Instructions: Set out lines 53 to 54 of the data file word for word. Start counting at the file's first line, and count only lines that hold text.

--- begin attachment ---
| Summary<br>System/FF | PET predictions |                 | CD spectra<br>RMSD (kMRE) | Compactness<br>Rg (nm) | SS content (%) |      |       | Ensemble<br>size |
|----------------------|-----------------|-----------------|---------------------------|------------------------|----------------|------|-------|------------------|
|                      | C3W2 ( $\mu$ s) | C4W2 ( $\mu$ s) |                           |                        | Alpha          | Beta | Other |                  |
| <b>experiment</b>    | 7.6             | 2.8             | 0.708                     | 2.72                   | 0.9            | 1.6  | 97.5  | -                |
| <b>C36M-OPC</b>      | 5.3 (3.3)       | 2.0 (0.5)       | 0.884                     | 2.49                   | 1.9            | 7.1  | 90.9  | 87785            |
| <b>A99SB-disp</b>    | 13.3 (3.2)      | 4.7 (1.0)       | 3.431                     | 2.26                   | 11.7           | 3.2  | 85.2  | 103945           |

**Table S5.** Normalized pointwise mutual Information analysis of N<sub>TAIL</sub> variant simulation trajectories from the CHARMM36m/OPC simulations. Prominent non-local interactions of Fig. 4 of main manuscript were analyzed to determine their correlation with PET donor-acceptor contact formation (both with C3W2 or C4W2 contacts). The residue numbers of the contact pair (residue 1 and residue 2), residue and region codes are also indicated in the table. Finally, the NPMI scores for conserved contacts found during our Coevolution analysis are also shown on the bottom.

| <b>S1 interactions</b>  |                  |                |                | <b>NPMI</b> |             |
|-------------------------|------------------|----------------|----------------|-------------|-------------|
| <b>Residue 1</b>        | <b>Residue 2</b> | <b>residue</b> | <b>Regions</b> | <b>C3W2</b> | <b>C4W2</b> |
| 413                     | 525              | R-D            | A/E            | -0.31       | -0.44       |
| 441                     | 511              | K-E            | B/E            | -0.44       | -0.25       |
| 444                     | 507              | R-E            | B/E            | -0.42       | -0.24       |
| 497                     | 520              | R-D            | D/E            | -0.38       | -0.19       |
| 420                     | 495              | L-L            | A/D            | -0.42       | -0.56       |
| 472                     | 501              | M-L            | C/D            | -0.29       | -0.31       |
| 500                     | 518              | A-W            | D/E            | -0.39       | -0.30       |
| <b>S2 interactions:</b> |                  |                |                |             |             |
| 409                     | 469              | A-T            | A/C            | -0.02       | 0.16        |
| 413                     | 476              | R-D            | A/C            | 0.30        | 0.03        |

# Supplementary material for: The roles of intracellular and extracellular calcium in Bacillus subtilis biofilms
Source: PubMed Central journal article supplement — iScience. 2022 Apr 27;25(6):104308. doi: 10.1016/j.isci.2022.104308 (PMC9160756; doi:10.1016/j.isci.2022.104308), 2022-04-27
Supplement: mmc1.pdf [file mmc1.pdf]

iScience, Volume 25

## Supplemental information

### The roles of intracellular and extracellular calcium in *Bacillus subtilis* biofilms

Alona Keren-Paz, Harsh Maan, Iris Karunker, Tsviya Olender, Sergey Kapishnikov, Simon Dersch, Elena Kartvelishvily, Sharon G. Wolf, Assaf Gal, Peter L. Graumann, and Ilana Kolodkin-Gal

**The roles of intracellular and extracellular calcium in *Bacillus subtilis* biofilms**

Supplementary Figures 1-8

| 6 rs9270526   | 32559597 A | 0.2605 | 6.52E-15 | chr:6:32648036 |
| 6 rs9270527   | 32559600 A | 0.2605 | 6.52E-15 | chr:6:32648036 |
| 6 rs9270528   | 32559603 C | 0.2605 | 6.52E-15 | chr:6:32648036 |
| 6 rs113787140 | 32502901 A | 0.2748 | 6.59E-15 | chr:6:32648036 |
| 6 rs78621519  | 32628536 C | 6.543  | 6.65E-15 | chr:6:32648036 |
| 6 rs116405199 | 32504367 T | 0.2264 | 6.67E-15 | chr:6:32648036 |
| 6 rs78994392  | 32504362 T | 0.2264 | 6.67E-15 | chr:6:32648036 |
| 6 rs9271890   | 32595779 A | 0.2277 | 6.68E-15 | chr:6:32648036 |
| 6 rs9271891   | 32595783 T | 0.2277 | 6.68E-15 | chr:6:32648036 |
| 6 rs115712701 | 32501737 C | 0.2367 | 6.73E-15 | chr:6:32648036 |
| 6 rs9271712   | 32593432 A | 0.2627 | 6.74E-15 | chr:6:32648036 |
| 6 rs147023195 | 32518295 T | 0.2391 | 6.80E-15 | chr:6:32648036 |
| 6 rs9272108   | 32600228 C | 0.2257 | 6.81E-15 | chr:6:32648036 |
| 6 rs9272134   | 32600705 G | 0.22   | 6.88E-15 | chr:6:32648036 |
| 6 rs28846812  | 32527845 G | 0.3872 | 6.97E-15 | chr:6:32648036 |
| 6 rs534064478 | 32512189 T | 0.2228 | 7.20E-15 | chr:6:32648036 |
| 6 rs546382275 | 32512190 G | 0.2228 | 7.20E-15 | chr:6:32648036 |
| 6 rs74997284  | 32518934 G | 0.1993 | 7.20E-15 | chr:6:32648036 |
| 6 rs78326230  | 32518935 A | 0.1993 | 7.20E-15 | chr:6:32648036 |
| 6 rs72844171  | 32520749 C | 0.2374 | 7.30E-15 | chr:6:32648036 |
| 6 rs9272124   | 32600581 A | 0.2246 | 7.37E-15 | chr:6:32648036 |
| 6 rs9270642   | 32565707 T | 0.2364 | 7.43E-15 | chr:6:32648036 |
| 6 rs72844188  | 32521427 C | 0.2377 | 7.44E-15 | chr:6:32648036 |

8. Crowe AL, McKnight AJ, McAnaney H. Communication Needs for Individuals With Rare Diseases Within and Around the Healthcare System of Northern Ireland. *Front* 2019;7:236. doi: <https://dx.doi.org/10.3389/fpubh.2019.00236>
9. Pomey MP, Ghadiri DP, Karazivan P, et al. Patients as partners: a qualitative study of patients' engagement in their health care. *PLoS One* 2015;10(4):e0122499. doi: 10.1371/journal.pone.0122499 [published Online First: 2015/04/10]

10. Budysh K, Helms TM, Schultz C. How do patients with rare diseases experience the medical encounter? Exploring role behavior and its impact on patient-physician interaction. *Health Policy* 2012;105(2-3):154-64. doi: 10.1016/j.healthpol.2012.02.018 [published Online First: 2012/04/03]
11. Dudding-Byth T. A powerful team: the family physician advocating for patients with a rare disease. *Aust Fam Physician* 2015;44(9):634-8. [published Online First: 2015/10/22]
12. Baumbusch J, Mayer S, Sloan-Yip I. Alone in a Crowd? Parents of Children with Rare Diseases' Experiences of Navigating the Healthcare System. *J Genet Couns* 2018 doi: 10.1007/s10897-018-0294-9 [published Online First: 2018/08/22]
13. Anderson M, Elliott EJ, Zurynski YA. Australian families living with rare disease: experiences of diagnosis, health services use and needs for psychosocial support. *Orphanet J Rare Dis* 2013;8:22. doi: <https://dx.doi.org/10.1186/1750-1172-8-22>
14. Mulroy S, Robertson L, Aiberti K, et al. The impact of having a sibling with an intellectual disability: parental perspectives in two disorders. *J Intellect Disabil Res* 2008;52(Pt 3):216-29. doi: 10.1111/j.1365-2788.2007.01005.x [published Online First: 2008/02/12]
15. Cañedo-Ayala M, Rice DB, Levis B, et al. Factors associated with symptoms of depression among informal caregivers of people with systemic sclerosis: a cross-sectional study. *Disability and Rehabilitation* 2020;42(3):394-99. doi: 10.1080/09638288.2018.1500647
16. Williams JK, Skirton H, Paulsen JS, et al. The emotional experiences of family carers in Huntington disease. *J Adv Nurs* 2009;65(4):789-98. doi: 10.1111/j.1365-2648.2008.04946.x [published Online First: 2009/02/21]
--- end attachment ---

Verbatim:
8. Crowe AL, McKnight AJ, McAnaney H. Communication Needs for Individuals With Rare Diseases Within and Around the Healthcare System of Northern Ireland. *Front* 2019;7:236. doi: <https://dx.doi.org/10.3389/fpubh.2019.00236>
9. Pomey MP, Ghadiri DP, Karazivan P, et al. Patients as partners: a qualitative study of patients' engagement in their health care. *PLoS One* 2015;10(4):e0122499. doi: 10.1371/journal.pone.0122499 [published Online First: 2015/04/10]